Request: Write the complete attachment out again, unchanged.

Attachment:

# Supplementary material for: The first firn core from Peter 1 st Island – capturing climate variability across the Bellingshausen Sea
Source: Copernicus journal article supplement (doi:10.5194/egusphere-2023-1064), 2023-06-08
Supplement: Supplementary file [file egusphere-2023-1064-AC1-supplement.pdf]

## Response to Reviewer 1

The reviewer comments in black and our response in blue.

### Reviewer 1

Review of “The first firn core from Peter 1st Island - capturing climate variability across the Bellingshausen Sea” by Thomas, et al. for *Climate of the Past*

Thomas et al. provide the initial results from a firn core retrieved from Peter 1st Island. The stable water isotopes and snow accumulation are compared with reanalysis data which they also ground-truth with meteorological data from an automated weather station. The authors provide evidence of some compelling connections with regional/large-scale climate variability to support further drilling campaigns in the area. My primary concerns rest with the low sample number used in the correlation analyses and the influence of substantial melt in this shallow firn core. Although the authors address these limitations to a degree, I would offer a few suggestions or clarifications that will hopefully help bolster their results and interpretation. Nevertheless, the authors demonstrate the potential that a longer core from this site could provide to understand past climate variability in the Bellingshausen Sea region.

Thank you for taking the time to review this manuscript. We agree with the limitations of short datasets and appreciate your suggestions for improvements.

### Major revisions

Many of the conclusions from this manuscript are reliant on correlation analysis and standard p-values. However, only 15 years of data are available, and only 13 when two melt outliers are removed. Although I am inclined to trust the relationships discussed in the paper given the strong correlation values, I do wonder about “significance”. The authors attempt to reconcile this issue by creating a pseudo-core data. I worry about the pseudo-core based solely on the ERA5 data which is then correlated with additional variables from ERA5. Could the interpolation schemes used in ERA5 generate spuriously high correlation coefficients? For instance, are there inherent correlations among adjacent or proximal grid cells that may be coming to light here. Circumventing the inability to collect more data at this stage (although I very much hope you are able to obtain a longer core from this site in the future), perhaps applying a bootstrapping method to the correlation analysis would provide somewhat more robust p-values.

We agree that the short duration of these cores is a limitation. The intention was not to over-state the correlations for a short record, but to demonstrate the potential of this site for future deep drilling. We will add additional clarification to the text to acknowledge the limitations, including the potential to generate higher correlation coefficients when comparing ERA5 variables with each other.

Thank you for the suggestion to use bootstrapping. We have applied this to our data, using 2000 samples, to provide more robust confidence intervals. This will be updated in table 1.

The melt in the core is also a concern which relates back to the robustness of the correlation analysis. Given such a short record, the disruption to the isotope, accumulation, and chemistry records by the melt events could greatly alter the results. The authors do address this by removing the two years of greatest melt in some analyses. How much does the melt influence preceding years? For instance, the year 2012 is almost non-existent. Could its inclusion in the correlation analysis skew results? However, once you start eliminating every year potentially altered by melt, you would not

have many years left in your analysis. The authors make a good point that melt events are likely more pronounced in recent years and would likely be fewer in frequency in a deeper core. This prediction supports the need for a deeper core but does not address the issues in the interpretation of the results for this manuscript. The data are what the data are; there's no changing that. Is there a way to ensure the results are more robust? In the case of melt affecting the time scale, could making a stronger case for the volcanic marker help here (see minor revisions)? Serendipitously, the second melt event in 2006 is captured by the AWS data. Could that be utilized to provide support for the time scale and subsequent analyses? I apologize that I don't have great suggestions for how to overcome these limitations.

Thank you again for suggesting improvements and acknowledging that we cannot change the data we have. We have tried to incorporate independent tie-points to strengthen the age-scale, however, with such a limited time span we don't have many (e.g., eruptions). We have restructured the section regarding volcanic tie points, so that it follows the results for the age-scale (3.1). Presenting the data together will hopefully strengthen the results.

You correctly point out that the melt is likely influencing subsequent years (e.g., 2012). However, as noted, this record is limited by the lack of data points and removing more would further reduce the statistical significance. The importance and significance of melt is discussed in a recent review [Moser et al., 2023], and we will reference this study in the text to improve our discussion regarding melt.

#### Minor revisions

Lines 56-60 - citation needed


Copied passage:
# Supplementary material for: The first firn core from Peter 1 st Island – capturing climate variability across the Bellingshausen Sea
Source: Copernicus journal article supplement (doi:10.5194/egusphere-2023-1064), 2023-06-08
Supplement: Supplementary file [file egusphere-2023-1064-AC1-supplement.pdf]

## Response to Reviewer 1

The reviewer comments in black and our response in blue.

### Reviewer 1

Review of “The first firn core from Peter 1st Island - capturing climate variability across the Bellingshausen Sea” by Thomas, et al. for *Climate of the Past*

Thomas et al. provide the initial results from a firn core retrieved from Peter 1st Island. The stable water isotopes and snow accumulation are compared with reanalysis data which they also ground-truth with meteorological data from an automated weather station. The authors provide evidence of some compelling connections with regional/large-scale climate variability to support further drilling campaigns in the area. My primary concerns rest with the low sample number used in the correlation analyses and the influence of substantial melt in this shallow firn core. Although the authors address these limitations to a degree, I would offer a few suggestions or clarifications that will hopefully help bolster their results and interpretation. Nevertheless, the authors demonstrate the potential that a longer core from this site could provide to understand past climate variability in the Bellingshausen Sea region.

Thank you for taking the time to review this manuscript. We agree with the limitations of short datasets and appreciate your suggestions for improvements.

### Major revisions

Many of the conclusions from this manuscript are reliant on correlation analysis and standard p-values. However, only 15 years of data are available, and only 13 when two melt outliers are removed. Although I am inclined to trust the relationships discussed in the paper given the strong correlation values, I do wonder about “significance”. The authors attempt to reconcile this issue by creating a pseudo-core data. I worry about the pseudo-core based solely on the ERA5 data which is then correlated with additional variables from ERA5. Could the interpolation schemes used in ERA5 generate spuriously high correlation coefficients? For instance, are there inherent correlations among adjacent or proximal grid cells that may be coming to light here. Circumventing the inability to collect more data at this stage (although I very much hope you are able to obtain a longer core from this site in the future), perhaps applying a bootstrapping method to the correlation analysis would provide somewhat more robust p-values.

We agree that the short duration of these cores is a limitation. The intention was not to over-state the correlations for a short record, but to demonstrate the potential of this site for future deep drilling. We will add additional clarification to the text to acknowledge the limitations, including the potential to generate higher correlation coefficients when comparing ERA5 variables with each other.

Thank you for the suggestion to use bootstrapping. We have applied this to our data, using 2000 samples, to provide more robust confidence intervals. This will be updated in table 1.

The melt in the core is also a concern which relates back to the robustness of the correlation analysis. Given such a short record, the disruption to the isotope, accumulation, and chemistry records by the melt events could greatly alter the results. The authors do address this by removing the two years of greatest melt in some analyses. How much does the melt influence preceding years? For instance, the year 2012 is almost non-existent. Could its inclusion in the correlation analysis skew results? However, once you start eliminating every year potentially altered by melt, you would not

have many years left in your analysis. The authors make a good point that melt events are likely more pronounced in recent years and would likely be fewer in frequency in a deeper core. This prediction supports the need for a deeper core but does not address the issues in the interpretation of the results for this manuscript. The data are what the data are; there's no changing that. Is there a way to ensure the results are more robust? In the case of melt affecting the time scale, could making a stronger case for the volcanic marker help here (see minor revisions)? Serendipitously, the second melt event in 2006 is captured by the AWS data. Could that be utilized to provide support for the time scale and subsequent analyses? I apologize that I don't have great suggestions for how to overcome these limitations.

Thank you again for suggesting improvements and acknowledging that we cannot change the data we have. We have tried to incorporate independent tie-points to strengthen the age-scale, however, with such a limited time span we don't have many (e.g., eruptions). We have restructured the section regarding volcanic tie points, so that it follows the results for the age-scale (3.1). Presenting the data together will hopefully strengthen the results.

You correctly point out that the melt is likely influencing subsequent years (e.g., 2012). However, as noted, this record is limited by the lack of data points and removing more would further reduce the statistical significance. The importance and significance of melt is discussed in a recent review [Moser et al., 2023], and we will reference this study in the text to improve our discussion regarding melt.

#### Minor revisions

Lines 56-60 - citation needed